John Fields, Richard Collins, 1969. Te Papa (O.044572)
Richard Collins, Auckland 1967, 1967. Te Papa (O.003834)
Richard Collins, Pakiri, 1969, 1969. Te Papa (O.030636)
Richard Collins, Pakiri 1969, 1969. Te Papa (O.003838)
Richard Collins, Marlborough Sounds, 1970, 1970. Te Papa (O.004262)
Richard Collins, Great Barrier Island, 1971, 1971. Te Papa (O.003836)
Richard Collins, interviewed by curator Athol McCredie, 2012
AM: Somewhere I read that Gary [Baigent] saw your photographs that you had taken in Australia, and you knew him anyway. Is that correct?
RC: It was that era. Everyone shared pads, houses, and it was … a pretty riotous sort of time really. Innocent times as well, this cross-pollination of ideas. I guess he introduced me to people I’d never heard of, American photographers.
AM: How did then you meet other people like John Fields?
RC: John was just on the scene. He’s a different kettle of fish, John, but he was very generous with his time and comments. He didn’t really belong to this – how shall I put it? He was sort of quite a straight-up character, John.
AM: So you were in a more bohemian scene?
RC: Yes, it was very concentrated. Maybe that was the difference. It all seemed to centre around the Kiwi Hotel, and parties, and amazing conversations and introductions to other areas in the arts, music. Good times. And, you know, there was a bad side as well, I suppose. It was exciting. We used to go on trips, you know, out to Huia. There’d be all sorts of things happening.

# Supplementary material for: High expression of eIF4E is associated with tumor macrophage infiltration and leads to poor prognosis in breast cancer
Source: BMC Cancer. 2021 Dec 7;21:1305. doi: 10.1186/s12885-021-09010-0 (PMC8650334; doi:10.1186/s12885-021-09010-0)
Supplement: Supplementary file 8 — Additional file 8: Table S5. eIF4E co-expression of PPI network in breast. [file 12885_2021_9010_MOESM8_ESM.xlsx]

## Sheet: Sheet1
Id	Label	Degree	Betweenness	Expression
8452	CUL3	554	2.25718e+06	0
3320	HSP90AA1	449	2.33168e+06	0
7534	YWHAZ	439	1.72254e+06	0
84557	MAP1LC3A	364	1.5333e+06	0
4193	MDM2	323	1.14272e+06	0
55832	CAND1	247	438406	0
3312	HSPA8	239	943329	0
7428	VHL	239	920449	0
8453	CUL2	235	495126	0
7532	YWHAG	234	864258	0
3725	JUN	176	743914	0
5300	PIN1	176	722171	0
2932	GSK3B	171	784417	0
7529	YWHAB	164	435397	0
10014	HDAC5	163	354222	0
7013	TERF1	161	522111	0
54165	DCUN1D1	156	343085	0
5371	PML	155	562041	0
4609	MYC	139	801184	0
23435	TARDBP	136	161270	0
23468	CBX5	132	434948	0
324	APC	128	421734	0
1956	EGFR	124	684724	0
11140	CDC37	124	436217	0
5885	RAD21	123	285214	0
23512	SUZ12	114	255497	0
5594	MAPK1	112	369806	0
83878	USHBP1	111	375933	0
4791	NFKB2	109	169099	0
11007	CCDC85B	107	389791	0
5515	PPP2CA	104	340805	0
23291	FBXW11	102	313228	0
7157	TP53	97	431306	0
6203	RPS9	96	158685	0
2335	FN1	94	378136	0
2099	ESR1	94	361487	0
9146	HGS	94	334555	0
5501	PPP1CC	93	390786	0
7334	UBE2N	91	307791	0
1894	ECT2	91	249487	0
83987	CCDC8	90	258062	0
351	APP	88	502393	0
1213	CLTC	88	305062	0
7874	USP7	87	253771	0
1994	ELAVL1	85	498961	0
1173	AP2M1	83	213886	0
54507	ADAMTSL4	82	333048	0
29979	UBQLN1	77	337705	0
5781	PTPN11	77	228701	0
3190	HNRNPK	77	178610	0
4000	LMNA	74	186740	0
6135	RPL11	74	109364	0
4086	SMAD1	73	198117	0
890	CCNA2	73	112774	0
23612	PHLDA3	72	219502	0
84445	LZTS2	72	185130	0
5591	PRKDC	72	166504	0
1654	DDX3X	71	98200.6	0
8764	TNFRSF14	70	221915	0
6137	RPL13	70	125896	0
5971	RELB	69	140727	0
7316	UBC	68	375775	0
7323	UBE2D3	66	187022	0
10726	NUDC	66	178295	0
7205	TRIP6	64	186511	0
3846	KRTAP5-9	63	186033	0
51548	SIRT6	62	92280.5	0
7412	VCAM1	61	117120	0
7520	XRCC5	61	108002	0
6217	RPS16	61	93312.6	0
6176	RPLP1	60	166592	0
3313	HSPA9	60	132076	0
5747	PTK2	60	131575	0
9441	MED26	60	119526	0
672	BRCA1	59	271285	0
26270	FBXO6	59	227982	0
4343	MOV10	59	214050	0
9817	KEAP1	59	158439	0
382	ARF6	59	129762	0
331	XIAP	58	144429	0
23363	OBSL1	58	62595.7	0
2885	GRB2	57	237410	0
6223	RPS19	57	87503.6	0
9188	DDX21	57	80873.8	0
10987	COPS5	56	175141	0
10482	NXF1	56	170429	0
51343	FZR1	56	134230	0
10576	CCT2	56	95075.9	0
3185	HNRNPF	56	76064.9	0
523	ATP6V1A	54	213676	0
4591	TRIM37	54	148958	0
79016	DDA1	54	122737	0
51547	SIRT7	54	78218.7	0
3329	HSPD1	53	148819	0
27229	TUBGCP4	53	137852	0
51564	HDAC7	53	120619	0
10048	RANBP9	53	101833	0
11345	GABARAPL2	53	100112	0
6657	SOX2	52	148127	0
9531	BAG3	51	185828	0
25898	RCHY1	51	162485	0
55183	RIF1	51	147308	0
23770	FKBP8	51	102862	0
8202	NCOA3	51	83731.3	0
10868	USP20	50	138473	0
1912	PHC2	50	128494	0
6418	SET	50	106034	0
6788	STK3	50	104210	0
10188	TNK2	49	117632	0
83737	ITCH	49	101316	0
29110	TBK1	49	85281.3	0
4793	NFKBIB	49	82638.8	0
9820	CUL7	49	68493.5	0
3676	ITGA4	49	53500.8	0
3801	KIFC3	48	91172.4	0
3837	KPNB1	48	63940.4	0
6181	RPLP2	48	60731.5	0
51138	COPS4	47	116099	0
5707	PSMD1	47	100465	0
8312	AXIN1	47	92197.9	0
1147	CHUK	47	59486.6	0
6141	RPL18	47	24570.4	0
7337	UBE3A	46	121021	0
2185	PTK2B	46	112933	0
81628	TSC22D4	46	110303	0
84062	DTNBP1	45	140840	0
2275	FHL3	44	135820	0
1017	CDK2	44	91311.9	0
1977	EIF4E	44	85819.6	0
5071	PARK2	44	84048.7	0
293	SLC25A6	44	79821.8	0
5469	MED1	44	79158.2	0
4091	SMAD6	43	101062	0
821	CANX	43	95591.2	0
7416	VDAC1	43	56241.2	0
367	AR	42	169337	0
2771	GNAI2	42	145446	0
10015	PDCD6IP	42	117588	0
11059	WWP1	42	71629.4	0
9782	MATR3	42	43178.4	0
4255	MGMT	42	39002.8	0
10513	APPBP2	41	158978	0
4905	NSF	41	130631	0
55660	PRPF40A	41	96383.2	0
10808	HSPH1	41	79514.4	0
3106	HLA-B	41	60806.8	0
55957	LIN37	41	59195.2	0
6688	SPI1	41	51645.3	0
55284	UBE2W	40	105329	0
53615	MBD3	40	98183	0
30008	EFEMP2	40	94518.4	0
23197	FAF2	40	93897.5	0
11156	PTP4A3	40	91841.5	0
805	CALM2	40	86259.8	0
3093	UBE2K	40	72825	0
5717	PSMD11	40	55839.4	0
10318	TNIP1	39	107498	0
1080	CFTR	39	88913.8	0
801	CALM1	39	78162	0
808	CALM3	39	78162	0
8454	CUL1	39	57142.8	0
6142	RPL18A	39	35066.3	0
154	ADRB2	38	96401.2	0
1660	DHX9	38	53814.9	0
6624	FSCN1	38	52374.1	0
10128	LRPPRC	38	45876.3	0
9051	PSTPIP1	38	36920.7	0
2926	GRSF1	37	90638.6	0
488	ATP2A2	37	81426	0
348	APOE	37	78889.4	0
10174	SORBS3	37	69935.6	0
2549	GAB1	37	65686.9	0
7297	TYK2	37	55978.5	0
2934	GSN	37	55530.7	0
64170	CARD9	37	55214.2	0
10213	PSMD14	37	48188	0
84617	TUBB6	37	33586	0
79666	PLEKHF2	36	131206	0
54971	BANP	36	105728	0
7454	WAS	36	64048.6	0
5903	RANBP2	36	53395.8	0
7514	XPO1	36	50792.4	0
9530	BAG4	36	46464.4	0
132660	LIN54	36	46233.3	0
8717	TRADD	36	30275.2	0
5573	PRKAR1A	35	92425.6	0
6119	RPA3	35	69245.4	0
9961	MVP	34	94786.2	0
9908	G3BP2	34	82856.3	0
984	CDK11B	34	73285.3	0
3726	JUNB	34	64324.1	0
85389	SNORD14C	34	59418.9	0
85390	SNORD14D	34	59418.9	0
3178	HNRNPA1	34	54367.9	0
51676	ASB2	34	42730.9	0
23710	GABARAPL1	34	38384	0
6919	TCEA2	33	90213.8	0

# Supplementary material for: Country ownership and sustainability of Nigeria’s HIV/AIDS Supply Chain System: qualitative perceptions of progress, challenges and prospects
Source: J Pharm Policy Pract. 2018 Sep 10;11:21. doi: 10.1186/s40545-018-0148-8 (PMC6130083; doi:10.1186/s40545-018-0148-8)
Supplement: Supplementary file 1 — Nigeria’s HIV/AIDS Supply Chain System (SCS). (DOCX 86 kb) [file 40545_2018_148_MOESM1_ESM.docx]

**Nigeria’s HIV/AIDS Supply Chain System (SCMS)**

AM: A friend of mine said there was a well-known commune at Pakiri. Were you involved in that?
RC: I think some people thought that.
AM: But it wasn’t a formal one, was it?
RC: No. We, wisely or not, joined a group of four and we bought this land and everyone built their own houses. But it certainly was a drawcard, Pakiri Beach.
AM: So is it what you’d call today alternative lifestyling?
RC: I suppose other people might call it that, but it was just life. The strictures of what we were brought up in, I suppose … to-hell-with-it-all attitude. There’s other things going on.
AM: How did this change in feeling or approach to photography come about in the 60s, say? In the 50s, in New Zealand anyway, there was only one avenue for photography as any sort of expressive medium, and that was through camera clubs and that was a very limited way.
RC: It must have been coming in contact with overseas publications.
AM: You mentioned Creative Camera, and then Life magazine. But that gap between – like American magazines Popular Photography, US Camera, Modern Photography – were you looking at any of those?
RC: Well, you take from anything. Sometimes you might see a photograph in some crap magazine or something and you think: “Oooh.” It turns you on in some way, or you really love it or it has meaning.
AM: Do you have any ‘Aha!’ moments that you remember particularly? Ones where you saw something and it really made a difference to your thinking?
RC: Well funnily enough I can remember Brian Brake’s. I know there were a lot of cropped photographs by Magnum photographers. I was aware of them without really being aware of photography. It was only later that I started to place things in some sort of context.
This excerpt is from a conversation for the book The New Photography, available at Te Papa Store on Level 1.